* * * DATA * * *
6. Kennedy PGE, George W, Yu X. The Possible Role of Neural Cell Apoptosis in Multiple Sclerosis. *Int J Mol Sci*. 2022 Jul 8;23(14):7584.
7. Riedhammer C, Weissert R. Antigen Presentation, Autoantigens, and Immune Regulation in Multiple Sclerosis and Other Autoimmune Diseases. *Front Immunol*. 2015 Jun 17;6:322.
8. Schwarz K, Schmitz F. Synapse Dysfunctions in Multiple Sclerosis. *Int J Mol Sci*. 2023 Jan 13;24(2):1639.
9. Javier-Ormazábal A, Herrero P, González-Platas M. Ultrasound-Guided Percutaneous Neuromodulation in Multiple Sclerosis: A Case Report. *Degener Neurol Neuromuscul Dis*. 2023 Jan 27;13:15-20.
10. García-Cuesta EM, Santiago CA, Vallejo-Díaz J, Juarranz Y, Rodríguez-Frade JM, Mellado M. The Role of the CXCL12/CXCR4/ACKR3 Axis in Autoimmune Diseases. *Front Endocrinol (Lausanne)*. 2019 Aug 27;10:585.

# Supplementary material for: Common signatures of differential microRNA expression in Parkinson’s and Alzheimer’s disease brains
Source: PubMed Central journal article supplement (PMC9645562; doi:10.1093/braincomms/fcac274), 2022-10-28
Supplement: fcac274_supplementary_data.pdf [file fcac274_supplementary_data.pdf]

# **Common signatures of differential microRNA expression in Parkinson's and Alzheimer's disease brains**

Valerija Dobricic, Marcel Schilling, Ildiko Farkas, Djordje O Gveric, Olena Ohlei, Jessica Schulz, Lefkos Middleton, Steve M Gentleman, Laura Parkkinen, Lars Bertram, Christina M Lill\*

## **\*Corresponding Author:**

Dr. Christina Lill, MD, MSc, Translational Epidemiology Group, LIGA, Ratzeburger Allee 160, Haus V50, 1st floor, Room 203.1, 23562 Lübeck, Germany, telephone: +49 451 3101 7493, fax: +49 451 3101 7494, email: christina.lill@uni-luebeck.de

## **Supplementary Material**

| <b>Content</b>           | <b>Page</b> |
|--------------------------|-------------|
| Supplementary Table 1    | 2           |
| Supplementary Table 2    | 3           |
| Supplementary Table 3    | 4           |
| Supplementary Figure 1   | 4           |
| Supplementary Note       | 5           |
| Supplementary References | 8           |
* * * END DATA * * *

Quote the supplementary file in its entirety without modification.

6. Kennedy PGE, George W, Yu X. The Possible Role of Neural Cell Apoptosis in Multiple Sclerosis. *Int J Mol Sci*. 2022 Jul 8;23(14):7584.
7. Riedhammer C, Weissert R. Antigen Presentation, Autoantigens, and Immune Regulation in Multiple Sclerosis and Other Autoimmune Diseases. *Front Immunol*. 2015 Jun 17;6:322.
8. Schwarz K, Schmitz F. Synapse Dysfunctions in Multiple Sclerosis. *Int J Mol Sci*. 2023 Jan 13;24(2):1639.
9. Javier-Ormazábal A, Herrero P, González-Platas M. Ultrasound-Guided Percutaneous Neuromodulation in Multiple Sclerosis: A Case Report. *Degener Neurol Neuromuscul Dis*. 2023 Jan 27;13:15-20.
10. García-Cuesta EM, Santiago CA, Vallejo-Díaz J, Juarranz Y, Rodríguez-Frade JM, Mellado M. The Role of the CXCL12/CXCR4/ACKR3 Axis in Autoimmune Diseases. *Front Endocrinol (Lausanne)*. 2019 Aug 27;10:585.

# Supplementary material for: Common signatures of differential microRNA expression in Parkinson’s and Alzheimer’s disease brains
Source: PubMed Central journal article supplement (PMC9645562; doi:10.1093/braincomms/fcac274), 2022-10-28
Supplement: fcac274_supplementary_data.pdf [file fcac274_supplementary_data.pdf]

# **Common signatures of differential microRNA expression in Parkinson's and Alzheimer's disease brains**

Valerija Dobricic, Marcel Schilling, Ildiko Farkas, Djordje O Gveric, Olena Ohlei, Jessica Schulz, Lefkos Middleton, Steve M Gentleman, Laura Parkkinen, Lars Bertram, Christina M Lill\*

## **\*Corresponding Author:**

Dr. Christina Lill, MD, MSc, Translational Epidemiology Group, LIGA, Ratzeburger Allee 160, Haus V50, 1st floor, Room 203.1, 23562 Lübeck, Germany, telephone: +49 451 3101 7493, fax: +49 451 3101 7494, email: christina.lill@uni-luebeck.de

## **Supplementary Material**

| <b>Content</b>           | <b>Page</b> |
|--------------------------|-------------|
| Supplementary Table 1    | 2           |
| Supplementary Table 2    | 3           |
| Supplementary Table 3    | 4           |
| Supplementary Figure 1   | 4           |
| Supplementary Note       | 5           |
| Supplementary References | 8           |